Palmer concluded, “We have sufficient evidence to consider whether some of the costs isolated in the BERL report should be internalised to the liquor industry. I doubt that such a proposition will be met by great enthusiasm, but it does seem to me that the taxpayer should not be asked to shoulder as much of the burden as is currently being met from public funds.”I like that Offsetting Behaviour counts as popular. 17th among NZ blogs for number of RSS feed subscribers through Google Reader (my preferred ranking, since it's the one on which I fare best).
It appears this comment in particular attracted the attention of Crampton, who says he was surprised to see Palmer using the BERL report. From his first look, Crampton had concluded, “It couldn’t really be used for policy analysis.”
Crampton began criticising the BERL report and its use by the Law Commission on his popular economics blog, Offsetting Behaviour. He wrote a commentary on the matter in The Press, and eventually, with fellow economist Matt Burgess (Research Associate at the Institute for the Study of Competition and Regulation), published a 42-page referenced review of it. This effort was not funded by any outside organisation, but was enough to attract attention from reporters, bloggers and pundits.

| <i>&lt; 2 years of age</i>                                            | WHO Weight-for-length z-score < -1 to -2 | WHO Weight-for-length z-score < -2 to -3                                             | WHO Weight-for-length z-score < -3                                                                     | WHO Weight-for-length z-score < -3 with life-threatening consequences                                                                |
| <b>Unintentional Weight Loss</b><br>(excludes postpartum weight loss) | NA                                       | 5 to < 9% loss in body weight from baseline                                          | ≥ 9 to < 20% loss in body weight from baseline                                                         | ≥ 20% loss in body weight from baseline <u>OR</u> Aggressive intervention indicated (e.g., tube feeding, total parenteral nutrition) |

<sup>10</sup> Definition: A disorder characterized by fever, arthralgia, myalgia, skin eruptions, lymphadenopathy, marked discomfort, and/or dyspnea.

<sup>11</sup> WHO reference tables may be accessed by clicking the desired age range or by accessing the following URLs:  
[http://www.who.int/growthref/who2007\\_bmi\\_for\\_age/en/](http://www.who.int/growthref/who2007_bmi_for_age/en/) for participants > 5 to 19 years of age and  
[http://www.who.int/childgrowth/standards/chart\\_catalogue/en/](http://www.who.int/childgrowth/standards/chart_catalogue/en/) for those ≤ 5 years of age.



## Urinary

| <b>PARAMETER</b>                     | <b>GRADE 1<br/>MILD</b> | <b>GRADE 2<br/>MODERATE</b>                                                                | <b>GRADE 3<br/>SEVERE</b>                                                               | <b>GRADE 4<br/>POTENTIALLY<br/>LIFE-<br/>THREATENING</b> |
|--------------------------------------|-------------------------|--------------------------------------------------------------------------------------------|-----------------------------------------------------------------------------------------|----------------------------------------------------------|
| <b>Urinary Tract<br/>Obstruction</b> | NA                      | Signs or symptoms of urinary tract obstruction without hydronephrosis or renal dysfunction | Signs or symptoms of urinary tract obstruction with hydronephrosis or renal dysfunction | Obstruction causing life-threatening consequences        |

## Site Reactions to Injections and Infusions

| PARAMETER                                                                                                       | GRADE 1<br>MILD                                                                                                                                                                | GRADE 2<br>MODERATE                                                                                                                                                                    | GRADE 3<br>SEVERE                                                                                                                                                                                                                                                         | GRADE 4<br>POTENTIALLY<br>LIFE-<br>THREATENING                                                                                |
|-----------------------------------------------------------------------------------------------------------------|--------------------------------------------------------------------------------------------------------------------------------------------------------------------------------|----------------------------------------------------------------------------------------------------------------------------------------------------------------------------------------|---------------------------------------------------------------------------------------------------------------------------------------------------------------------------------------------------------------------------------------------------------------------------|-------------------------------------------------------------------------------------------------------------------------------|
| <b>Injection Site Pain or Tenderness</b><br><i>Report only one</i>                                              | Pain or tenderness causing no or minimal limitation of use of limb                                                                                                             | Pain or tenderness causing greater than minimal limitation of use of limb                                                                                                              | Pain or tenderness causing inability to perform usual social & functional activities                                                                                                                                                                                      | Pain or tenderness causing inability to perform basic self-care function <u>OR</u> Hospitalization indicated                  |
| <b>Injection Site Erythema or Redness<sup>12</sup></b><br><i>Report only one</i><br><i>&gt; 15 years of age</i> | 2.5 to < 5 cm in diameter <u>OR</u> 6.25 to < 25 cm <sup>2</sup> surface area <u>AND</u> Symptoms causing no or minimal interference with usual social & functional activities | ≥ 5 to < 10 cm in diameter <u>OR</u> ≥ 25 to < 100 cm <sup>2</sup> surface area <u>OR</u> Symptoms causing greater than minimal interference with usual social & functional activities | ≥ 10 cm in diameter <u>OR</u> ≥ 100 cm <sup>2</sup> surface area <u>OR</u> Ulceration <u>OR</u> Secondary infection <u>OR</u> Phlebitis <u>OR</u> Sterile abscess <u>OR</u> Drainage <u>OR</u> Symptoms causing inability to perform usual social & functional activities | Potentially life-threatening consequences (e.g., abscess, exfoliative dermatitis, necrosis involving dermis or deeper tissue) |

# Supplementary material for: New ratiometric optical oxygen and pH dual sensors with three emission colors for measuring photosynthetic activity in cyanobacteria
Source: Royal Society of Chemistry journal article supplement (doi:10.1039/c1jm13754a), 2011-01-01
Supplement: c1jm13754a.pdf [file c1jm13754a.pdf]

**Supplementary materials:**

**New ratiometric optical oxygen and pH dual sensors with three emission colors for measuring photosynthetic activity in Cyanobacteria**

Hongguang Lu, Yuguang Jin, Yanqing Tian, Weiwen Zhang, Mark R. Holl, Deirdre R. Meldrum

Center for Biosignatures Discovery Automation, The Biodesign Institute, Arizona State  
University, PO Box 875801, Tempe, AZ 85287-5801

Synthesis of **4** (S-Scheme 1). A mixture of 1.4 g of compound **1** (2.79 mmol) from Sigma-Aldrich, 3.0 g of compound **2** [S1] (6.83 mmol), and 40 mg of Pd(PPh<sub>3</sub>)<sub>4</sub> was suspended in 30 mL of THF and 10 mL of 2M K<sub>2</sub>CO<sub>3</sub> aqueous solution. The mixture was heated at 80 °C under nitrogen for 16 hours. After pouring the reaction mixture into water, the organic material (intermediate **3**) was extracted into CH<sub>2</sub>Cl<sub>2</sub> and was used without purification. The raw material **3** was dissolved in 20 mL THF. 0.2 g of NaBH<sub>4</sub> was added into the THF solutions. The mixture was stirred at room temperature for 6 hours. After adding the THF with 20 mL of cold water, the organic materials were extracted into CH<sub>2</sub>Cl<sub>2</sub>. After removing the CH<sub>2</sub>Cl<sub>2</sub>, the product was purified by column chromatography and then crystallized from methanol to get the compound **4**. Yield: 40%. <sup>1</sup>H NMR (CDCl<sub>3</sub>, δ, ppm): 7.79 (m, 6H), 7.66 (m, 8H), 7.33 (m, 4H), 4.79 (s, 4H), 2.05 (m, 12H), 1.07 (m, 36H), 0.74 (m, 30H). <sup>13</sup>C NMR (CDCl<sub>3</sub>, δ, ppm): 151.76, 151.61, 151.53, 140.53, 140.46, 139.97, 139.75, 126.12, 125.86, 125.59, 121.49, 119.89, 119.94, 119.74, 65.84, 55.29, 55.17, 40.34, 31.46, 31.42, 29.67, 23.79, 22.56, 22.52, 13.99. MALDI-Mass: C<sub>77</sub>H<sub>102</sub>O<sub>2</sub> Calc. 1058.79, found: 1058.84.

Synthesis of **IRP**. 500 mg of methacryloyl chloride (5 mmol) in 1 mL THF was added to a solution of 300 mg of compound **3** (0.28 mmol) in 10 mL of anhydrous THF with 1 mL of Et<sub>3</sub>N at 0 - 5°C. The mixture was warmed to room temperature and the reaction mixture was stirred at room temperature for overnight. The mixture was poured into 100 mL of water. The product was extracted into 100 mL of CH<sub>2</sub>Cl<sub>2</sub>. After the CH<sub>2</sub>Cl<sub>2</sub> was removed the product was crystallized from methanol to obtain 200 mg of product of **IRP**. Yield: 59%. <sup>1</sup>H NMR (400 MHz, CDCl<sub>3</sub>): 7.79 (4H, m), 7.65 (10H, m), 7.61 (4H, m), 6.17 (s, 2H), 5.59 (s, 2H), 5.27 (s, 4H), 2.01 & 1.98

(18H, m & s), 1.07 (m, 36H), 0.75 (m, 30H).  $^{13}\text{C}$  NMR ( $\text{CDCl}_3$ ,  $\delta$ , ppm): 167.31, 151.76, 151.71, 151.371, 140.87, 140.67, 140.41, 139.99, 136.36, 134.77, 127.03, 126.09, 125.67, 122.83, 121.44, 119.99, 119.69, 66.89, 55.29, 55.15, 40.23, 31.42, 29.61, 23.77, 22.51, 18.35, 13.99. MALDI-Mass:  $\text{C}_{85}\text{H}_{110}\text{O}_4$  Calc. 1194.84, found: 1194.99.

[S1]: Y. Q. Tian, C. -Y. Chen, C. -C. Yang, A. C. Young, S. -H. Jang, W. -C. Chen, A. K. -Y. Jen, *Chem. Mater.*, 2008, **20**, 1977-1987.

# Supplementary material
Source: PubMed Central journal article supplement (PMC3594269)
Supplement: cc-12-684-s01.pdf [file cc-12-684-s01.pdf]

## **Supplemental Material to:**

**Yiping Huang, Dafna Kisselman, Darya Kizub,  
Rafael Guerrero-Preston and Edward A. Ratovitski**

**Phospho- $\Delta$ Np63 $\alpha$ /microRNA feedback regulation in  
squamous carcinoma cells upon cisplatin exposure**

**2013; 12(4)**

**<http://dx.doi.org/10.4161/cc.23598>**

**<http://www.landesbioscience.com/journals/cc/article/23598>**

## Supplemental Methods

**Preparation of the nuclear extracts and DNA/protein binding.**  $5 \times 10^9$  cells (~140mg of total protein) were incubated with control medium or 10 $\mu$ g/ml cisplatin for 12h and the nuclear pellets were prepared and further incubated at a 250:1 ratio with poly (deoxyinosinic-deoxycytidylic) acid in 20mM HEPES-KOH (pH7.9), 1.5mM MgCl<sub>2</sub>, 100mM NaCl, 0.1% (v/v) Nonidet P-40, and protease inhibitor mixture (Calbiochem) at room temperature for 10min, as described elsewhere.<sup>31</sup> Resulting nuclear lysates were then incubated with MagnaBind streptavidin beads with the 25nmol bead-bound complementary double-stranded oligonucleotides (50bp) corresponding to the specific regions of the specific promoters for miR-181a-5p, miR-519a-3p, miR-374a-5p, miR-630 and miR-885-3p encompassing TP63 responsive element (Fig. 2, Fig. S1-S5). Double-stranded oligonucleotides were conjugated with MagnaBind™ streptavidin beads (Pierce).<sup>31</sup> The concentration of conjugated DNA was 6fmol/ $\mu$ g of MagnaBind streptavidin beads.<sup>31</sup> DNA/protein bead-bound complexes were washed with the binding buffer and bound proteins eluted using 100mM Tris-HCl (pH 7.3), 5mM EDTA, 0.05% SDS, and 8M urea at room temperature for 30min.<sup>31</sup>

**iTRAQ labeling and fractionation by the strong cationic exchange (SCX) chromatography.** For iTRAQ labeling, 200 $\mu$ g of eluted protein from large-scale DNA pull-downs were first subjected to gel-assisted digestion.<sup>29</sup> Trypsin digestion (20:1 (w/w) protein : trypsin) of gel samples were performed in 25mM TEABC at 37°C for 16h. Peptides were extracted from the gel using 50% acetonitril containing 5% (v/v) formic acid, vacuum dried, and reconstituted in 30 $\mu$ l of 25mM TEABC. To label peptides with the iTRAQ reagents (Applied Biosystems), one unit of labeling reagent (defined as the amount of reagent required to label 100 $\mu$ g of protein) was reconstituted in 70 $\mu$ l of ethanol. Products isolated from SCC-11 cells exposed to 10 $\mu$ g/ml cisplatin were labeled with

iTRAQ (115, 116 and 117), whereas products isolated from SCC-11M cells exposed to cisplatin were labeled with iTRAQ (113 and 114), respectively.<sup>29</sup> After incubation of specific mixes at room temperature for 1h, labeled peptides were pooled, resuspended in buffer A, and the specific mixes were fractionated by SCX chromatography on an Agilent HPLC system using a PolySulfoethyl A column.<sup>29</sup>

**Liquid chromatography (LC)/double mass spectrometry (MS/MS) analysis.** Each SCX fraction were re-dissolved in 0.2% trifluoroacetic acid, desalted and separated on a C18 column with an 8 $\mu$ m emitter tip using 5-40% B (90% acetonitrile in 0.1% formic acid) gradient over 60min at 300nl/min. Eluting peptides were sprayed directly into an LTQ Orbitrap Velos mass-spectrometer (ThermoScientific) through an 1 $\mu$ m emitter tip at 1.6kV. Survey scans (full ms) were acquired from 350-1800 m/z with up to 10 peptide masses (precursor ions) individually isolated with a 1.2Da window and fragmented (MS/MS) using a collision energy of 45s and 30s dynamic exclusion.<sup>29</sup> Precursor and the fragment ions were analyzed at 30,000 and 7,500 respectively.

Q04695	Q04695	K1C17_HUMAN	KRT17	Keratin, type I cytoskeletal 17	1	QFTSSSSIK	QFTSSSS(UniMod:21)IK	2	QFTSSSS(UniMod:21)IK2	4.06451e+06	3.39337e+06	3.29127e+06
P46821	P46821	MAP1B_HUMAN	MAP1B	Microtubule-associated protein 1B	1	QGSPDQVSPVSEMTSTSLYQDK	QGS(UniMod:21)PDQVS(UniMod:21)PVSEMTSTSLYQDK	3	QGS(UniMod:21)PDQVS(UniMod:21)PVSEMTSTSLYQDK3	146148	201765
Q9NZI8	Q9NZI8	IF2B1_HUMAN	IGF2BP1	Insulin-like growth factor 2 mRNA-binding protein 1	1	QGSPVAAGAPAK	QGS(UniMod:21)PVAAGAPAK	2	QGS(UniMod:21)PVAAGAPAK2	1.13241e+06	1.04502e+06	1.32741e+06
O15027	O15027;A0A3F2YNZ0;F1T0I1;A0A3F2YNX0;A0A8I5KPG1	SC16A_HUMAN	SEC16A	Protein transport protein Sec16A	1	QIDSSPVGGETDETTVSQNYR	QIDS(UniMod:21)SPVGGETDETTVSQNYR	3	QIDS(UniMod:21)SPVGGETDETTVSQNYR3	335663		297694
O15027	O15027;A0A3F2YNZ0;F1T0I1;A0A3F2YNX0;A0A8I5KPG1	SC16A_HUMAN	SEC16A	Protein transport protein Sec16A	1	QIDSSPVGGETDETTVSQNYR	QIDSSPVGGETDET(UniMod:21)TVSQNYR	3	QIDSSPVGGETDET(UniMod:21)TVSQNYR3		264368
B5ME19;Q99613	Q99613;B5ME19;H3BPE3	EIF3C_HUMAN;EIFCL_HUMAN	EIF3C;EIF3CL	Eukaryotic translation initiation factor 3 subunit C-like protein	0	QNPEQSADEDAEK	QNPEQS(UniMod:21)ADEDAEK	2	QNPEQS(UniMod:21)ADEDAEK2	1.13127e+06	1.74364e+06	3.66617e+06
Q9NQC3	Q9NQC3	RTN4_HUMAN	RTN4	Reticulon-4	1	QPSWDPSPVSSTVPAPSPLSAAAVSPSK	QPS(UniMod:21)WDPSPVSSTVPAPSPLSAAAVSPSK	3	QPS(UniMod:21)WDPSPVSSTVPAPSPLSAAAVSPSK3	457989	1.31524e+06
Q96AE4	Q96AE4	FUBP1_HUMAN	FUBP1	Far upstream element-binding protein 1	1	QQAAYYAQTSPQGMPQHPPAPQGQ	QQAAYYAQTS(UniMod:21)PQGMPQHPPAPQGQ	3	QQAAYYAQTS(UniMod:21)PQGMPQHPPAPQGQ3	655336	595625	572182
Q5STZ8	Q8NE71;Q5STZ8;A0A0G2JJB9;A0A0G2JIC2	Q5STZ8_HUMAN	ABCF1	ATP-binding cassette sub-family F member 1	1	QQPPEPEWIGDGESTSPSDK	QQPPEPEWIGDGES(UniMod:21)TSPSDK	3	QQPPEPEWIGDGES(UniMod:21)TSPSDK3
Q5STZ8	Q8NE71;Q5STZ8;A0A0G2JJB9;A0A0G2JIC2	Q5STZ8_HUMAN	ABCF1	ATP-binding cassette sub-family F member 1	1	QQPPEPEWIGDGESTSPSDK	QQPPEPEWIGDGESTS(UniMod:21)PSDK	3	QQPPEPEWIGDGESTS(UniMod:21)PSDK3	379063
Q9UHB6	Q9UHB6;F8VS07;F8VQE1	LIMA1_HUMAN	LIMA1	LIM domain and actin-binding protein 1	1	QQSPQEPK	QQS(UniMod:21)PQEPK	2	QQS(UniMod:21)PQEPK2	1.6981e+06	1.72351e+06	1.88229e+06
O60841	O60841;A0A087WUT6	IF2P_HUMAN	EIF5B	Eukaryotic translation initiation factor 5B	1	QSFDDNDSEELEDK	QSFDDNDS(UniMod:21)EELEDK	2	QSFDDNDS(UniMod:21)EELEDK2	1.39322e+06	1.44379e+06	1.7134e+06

What is the BERL report, and why has it become so controversial?
The article includes one bit from Slack I hadn't previously seen:
Lead author Adrian Slack has commented: “In terms of forming policy… it gives you some direction on where are the biggest problems, where should we focus” and has noted that the report was not prepared for the Law Commission.Actually, their report doesn't give very good direction on where the biggest problems are. Before separating out internal costs, it was manifestly unclear that crime costs were the single largest component of policy-relevant external costs, followed in distant second by health care costs and subsequently by road crash costs.